Bear photography in Europe, or more specifically in Finland, as this in my opinion at least is by far the most reliable location, is a bizarre, even surreal, experience. Locked in a small wooden hide for 14 hours overnight is on the face of it a dreadful prospect, and yet it’s strangely addictive. I’ve done up to eight consecutive nights in these hides in the past but the most recent trip was a quick ‘3-night-blitz’ so although my ageing back might not agree, this was a relative walk in the park.
Some of the animals I recognised from previous years and it’s rewarding to see bears that I first saw as tiny cubs now developing into young adults. I also caught up with ‘Greedy’ a big male that I first photographed for the Tooth & Claw book back in 2006. This time around this bear was very much in his prime.
I think that in spite of their universal popularity, there are certain places/species that any keen photographer should cover at least once. Norway’s sea eagles qualify and Finland’s bears qualify too. To be lying half-asleep in the half-light of a Scandinavian summer with only a thin sheet of plywood separating you from a bear squelching about in a bog, is an experience you will never forget. Problem is, it is addictive. There’s just something about bears.
My thanks to Julie, Alan, Russell, Robin and Charlie for their company on this trip.
OK it’s true that we happen to offer tours to photograph bears so yes, it’s true I have a vested interest in persuading you to do so. And yes, I have to make a living like everyone else; but just put all of that aside for one moment.
I remember sitting in a hide deep in Finland’s taiga forest probably ten years ago now. It was hot, I was sweating and if I’m honest, it was not enjoyable. I was accompanied by Chris who has gone on to become a long-standing guest of Northshots. Chris never swears. Even now he visibly winces at foul language. We sat in silence hardly daring to move. Nothing happened. The following night nothing happened again…until it was just getting dark. The sound of a snapping branch put our senses on edge and a few seconds later the shadowy shape of a fully grown brown bear emerged from the forest – fifteen metres distant. “F****** hell!” whispered the non-swearing Chris. Indeed, it was a ‘F****** hell’ moment.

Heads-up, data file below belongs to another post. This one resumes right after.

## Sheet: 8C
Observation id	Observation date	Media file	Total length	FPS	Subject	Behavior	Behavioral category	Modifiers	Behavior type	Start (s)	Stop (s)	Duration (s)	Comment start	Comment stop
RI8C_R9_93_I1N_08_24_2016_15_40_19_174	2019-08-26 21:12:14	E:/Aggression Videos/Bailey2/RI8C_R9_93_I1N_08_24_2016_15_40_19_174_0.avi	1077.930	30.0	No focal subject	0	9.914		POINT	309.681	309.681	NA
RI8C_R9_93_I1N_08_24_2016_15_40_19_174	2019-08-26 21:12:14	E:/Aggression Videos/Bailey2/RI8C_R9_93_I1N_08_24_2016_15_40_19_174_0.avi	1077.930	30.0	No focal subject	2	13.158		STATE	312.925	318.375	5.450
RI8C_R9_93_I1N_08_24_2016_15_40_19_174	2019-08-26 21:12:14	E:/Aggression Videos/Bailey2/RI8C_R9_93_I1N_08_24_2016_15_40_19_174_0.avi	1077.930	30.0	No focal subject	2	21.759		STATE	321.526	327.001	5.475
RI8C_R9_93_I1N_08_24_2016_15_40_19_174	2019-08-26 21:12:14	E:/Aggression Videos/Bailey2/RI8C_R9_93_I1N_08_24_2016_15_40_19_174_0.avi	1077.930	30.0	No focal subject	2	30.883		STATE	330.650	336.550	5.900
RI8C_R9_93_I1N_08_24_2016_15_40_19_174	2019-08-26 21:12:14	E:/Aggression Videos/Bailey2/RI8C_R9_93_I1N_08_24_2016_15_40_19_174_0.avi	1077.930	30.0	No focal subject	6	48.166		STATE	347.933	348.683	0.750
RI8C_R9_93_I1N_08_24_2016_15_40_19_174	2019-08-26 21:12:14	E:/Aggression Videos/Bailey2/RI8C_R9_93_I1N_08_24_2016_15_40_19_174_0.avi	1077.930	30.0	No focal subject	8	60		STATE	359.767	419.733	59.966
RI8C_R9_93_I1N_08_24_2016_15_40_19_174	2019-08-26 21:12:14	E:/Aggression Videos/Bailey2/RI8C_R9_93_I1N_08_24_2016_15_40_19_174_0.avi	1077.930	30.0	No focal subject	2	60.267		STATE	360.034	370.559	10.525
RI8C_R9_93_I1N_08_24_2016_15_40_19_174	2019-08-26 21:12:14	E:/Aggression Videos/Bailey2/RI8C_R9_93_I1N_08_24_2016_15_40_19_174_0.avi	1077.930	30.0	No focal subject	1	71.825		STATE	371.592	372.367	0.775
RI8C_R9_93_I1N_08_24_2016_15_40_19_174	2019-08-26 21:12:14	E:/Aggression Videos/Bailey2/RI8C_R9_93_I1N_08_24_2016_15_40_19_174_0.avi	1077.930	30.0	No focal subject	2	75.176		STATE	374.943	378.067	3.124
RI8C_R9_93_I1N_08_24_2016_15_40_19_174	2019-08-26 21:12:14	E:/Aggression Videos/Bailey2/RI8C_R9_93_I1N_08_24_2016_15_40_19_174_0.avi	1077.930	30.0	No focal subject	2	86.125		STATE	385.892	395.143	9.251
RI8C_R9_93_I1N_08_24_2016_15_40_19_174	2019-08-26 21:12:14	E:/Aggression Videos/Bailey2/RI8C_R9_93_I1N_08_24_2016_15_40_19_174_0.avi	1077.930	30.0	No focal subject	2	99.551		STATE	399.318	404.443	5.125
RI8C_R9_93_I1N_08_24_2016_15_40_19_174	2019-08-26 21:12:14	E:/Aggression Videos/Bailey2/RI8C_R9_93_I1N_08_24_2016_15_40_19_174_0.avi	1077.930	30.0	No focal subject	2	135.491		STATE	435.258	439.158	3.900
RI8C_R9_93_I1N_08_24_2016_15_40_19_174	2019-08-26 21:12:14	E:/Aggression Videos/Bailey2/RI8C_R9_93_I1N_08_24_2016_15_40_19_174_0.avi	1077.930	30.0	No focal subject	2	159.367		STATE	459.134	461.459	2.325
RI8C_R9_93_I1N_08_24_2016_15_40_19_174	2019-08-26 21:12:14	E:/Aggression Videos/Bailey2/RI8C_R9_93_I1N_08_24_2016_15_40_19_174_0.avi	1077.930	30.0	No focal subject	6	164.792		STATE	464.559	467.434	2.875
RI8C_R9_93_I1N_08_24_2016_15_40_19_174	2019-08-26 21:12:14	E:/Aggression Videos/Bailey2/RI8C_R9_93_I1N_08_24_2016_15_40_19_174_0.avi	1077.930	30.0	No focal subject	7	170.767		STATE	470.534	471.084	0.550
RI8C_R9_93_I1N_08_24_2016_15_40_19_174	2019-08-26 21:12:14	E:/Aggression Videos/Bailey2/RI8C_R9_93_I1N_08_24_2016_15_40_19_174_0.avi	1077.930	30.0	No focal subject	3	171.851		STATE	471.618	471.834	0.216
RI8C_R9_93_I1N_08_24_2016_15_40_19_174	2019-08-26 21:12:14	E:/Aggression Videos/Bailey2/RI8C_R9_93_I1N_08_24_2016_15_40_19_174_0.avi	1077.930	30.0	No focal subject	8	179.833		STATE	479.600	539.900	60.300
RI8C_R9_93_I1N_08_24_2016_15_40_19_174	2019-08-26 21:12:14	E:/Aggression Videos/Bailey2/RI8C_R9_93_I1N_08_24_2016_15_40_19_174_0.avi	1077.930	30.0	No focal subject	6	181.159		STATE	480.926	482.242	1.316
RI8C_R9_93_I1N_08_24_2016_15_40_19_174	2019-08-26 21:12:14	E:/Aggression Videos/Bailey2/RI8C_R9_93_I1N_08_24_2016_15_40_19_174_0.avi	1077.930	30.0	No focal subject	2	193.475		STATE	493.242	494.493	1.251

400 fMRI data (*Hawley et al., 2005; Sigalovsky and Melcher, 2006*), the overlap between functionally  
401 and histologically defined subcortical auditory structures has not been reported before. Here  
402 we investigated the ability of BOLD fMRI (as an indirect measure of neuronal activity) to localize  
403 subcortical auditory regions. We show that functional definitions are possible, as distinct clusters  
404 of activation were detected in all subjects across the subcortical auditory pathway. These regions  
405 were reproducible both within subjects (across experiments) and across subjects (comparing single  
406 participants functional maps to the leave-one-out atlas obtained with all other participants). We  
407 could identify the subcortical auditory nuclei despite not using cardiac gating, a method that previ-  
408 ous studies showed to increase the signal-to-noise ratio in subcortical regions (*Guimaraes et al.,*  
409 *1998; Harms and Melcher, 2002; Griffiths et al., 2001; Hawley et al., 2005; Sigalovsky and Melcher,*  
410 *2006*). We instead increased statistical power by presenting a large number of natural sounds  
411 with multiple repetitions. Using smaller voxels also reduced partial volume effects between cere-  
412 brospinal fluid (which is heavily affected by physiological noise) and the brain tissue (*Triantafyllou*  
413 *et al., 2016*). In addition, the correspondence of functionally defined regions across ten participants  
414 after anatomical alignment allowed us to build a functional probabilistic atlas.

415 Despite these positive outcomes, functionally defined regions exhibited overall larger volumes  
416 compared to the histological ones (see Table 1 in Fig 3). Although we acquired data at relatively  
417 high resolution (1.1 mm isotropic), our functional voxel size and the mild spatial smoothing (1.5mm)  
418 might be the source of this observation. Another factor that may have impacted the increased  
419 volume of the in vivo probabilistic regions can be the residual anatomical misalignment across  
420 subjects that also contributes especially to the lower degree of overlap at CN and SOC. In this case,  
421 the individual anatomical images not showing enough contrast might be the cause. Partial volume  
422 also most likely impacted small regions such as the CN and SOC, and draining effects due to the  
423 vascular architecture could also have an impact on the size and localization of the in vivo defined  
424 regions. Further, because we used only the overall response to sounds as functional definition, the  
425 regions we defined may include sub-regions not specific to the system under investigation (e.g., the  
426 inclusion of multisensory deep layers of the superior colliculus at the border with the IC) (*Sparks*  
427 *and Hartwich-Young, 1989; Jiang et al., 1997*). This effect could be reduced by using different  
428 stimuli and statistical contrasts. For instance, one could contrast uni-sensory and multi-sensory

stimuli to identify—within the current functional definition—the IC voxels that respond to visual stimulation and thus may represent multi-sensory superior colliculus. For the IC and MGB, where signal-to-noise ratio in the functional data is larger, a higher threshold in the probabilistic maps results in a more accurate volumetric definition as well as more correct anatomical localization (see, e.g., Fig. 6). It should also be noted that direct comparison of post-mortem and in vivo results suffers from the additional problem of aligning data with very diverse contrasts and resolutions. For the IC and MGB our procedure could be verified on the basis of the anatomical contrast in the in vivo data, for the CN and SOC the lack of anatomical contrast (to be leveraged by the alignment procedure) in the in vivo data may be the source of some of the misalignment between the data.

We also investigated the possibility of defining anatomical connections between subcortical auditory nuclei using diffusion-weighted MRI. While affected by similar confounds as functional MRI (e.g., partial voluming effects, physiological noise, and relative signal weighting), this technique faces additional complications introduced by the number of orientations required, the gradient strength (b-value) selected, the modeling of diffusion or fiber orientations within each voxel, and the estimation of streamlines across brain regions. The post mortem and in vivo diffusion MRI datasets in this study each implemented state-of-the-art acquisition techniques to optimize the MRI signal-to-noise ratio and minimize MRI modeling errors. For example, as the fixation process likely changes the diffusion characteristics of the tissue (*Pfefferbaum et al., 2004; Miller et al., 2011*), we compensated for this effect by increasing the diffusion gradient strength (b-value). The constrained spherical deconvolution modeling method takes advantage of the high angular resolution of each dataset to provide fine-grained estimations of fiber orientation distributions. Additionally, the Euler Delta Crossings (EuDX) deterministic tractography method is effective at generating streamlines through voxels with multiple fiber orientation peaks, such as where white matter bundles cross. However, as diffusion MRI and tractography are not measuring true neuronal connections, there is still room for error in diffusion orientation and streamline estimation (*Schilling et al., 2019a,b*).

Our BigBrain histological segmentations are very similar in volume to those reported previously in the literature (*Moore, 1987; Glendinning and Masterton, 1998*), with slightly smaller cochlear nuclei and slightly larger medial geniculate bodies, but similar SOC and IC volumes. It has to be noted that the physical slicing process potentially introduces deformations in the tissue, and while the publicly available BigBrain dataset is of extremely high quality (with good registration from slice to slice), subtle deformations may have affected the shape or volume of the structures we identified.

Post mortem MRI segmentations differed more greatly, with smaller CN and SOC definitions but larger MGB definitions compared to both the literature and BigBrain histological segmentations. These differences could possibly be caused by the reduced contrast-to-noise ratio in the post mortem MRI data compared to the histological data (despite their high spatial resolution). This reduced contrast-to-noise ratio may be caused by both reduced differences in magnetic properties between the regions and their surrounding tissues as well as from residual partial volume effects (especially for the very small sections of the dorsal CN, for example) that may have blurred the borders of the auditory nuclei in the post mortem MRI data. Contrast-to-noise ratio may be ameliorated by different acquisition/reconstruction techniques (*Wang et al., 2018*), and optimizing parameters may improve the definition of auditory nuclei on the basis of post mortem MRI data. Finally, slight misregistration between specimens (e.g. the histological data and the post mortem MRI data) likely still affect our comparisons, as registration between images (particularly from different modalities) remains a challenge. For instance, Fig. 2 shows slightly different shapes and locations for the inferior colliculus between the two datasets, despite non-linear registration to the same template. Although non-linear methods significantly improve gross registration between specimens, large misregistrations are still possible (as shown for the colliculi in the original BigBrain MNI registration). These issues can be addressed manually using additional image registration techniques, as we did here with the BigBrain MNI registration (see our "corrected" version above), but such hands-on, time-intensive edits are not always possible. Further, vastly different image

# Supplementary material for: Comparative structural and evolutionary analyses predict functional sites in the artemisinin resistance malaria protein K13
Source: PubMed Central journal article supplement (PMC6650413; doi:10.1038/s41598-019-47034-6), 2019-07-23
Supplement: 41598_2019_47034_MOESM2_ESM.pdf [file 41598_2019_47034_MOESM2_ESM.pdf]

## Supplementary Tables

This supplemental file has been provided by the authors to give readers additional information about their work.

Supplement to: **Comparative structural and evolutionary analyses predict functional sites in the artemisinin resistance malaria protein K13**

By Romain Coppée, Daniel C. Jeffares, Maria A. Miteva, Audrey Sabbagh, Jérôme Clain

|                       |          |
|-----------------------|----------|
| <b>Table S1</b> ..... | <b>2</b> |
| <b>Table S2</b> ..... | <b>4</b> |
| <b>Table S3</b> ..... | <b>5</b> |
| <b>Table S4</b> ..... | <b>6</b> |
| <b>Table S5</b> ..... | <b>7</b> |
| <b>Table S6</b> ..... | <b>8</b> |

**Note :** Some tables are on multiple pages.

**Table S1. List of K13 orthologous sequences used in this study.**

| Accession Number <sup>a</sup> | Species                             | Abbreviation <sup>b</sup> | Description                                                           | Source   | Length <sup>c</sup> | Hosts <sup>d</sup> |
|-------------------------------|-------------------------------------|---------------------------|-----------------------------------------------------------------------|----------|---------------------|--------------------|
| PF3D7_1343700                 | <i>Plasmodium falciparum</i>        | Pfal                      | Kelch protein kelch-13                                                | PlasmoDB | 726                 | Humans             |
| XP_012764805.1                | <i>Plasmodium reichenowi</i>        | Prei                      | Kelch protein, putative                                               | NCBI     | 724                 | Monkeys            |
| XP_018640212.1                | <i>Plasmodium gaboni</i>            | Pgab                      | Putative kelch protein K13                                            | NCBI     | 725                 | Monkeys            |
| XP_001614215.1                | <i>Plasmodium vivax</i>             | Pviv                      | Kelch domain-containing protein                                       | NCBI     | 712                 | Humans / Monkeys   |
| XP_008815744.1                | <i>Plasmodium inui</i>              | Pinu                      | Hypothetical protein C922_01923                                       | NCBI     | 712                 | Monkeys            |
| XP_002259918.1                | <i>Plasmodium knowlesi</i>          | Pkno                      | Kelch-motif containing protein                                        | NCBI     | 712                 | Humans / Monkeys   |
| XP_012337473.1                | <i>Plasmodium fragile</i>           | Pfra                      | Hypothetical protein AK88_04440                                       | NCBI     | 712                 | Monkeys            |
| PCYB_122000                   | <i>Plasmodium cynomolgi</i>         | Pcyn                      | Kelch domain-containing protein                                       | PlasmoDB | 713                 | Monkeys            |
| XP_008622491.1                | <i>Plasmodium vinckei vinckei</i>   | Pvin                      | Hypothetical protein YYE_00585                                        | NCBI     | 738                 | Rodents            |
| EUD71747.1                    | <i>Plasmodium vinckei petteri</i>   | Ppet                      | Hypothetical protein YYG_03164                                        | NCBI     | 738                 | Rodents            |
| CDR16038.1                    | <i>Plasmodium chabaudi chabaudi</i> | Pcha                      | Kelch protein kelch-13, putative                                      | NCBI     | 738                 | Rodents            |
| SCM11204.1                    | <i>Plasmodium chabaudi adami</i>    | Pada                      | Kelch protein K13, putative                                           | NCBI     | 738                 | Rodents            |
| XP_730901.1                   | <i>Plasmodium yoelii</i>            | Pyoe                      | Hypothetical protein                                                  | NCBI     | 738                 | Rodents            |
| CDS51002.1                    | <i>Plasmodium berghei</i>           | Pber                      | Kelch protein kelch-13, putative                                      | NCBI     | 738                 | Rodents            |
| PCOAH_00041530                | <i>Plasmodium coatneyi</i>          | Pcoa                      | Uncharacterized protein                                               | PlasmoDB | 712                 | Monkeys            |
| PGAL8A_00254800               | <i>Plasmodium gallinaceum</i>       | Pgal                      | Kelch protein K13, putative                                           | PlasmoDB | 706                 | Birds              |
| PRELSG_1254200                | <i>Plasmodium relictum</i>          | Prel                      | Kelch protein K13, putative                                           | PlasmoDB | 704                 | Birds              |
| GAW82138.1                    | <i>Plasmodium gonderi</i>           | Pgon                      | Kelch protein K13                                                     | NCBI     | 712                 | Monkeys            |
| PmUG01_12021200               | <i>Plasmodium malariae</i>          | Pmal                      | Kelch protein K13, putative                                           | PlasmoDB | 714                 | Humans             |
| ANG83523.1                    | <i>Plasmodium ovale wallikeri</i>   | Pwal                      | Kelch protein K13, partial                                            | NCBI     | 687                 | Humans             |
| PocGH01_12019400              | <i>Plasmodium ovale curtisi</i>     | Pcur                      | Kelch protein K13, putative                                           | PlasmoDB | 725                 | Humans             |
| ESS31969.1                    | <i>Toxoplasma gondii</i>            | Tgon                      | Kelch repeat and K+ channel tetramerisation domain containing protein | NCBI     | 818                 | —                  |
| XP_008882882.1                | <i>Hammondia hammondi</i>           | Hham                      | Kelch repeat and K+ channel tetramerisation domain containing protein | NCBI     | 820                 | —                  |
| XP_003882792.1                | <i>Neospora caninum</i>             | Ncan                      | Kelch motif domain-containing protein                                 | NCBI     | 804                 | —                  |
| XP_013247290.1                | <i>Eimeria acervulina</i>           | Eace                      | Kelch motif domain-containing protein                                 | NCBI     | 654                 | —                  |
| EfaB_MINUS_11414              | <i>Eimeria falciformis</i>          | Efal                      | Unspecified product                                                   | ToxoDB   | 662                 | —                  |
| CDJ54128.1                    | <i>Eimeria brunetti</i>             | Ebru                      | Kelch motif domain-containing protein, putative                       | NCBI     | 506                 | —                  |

There are more bear safari operators in Finland thesedays; there are more bears and there are more bear photographs; the bears have become less wary and Finnair are no doubt grateful for their presence. Following that first encounter I’ve seen and photographed many bears. That’s not the point though. We’re told bears are dangerous and although I happen to think that it’s good to be scared from time to time, you quickly realise there’s nothing to be afraid of. We’re also told bears are aggressive and again, you quickly understand that this is nothing more than media spin.
Bears are fantastic photographic subjects but more than that, the opportunity to photograph them – not in Alaska but here in Europe – provides an invaluable bridge between perceptions and reality. That’s why you should photograph a bear – so that like Chris, you can’t help but utter “F****** hell; so that you’re part of a growing army that have done so; a well-informed army that can tell their friends, parents, siblings, even the window cleaner, that the media reputation of bears is undeserved. A few photos and a story informed through personal experience is a powerful thing indeed. Just ask Chris.